Is this a real tram ‘network’?Posted: June 2, 2011
The Age reported on Yarra Tram’s new plans for Melbourne’s trams during the week. My perpetual beef with The Age is they don’t provide links to background material and in this case they didn’t even provide a diagram. Not good enough in the digital age! So, here’s a presentation by Yarra Tram’s Clement Michel, as well as the accompanying map of the company’s planned new routes.
The presentation highlights the problems with current tram operations that prompted the proposed changes. For example, the No. 96 took 20 minutes to journey from East Brunswick to Spencer St in the morning peak in 1950 but now takes 28 minutes. It spends 50% of the time moving and 17% boarding — but 33% stationary. That compares poorly with tram and light rail systems elsewhere.
The new routes are intended to complement other initiatives, such as greater priority at traffic lights and segregation from traffic. A key purpose is to relieve pressure on Swanston St-St Kilda Rd, which is clogged with a tram every minute and has the friction of 31 traffic lights between Melbourne University and the Domain. Part of the proposal is to route some services via the western end of the CBD. Some Swanston St passengers would have to change trams e.g at Domain Interchange.
It is also proposed to effectively “halve” some long routes and introduce cross town or feeder services (similar to the existing Footscray to Moonee Ponds service) so that loads can be better balanced. Long routes can be inefficient because the number of trams is constant along the route but the loads vary. The changes would mean higher frequencies can be targeted better to busy areas.
An example of the proposed changes is the existing West Preston to St Kilda service. The proposal is to split it into two services — a St Kilda to East Melbourne route operating via Spencer and La Trobe Sts, and a West Preston to Docklands service.
Another example is the No. 72 from Camberwell which currently takes circa 90 minutes to travel to Melbourne University in peak hour. The new plan proposes to terminate the No. 72 at Gardiner train station and run a relatively short cross-town shuttle service in the downstream leg between the station and Camberwell. In a similar vein, the existing No. 64 which currently runs from Melbourne University to East Brighton is proposed to terminate instead at Malvern rail station. A new cross-town shuttle service would operate north-south between East Brighton and Kew, along Hawthorn and Glenferrie Rds. It would give passengers the option of transferring to the No. 64 at Malvern station or taking any one of five other city centre bound tram services that the route crosses.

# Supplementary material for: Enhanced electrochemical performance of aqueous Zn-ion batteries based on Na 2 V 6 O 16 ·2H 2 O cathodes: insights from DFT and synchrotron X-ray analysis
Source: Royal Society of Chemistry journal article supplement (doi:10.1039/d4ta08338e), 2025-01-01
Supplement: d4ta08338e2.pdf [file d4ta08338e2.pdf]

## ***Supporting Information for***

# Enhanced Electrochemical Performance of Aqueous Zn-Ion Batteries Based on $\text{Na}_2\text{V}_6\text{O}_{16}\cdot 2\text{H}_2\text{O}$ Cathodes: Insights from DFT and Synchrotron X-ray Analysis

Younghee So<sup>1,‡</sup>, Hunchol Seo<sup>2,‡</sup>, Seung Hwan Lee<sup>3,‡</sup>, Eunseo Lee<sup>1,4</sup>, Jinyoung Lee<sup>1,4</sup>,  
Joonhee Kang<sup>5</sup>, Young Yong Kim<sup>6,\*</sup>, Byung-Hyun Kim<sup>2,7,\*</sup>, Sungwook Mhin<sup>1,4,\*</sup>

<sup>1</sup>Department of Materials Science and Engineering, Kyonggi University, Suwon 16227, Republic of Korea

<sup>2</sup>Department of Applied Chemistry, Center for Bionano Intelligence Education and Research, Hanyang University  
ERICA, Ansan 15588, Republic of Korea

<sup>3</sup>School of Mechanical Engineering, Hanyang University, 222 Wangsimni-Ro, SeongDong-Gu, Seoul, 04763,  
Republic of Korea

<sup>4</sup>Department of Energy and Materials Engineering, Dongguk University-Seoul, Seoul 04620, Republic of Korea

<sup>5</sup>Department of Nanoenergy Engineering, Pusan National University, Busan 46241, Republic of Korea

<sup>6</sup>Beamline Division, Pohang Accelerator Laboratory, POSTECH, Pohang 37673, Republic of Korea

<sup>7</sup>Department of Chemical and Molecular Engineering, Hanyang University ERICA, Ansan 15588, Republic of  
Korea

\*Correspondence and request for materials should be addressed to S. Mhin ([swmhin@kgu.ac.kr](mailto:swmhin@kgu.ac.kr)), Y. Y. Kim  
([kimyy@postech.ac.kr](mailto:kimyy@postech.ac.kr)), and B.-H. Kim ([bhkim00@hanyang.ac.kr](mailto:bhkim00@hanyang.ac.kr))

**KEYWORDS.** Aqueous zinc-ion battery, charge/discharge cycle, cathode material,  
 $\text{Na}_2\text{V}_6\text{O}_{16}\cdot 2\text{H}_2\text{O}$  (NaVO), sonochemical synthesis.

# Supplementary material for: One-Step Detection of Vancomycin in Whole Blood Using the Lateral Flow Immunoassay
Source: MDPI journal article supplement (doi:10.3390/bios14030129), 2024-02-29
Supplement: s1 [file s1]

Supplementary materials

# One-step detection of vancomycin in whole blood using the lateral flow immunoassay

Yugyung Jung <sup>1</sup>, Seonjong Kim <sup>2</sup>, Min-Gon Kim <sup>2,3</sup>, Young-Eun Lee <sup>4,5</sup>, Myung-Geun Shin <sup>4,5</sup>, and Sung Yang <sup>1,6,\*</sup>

I like the implicit suggestion in this plan that trams can be coordinated with rail — it’s not always necessary to have duplicate tram and train services (although I expect there would be considerable difficulty in removing either!). The idea of cross-town services makes sense — these services already exist, but they don’t have to suffer the inefficiencies of travelling all the way to the CBD (much less to points on the other side of town). I also think the logic behind more transfers is inexorable and we’ll need to get used to more of them as public transport patronage increases. The key task for Yarra Trams and the Government is to sell the advantages.
I don’t know if Yarra Trams has got the detail right on individual routes and it’s a fair bet the plan doesn’t go far enough, but I think the proposals move us further toward the concept of a multi-modal network built around frequent services and transfers. It’s a pity this thinking isn’t in the brief for the proposed Rowville rail line — a light rail service connecting Huntingdale rail station with Monash University, Clayton employment areas and Rowville could make a lot more sense than heavy rail (I don’t mention bus because politically something on tracks is now the starting point).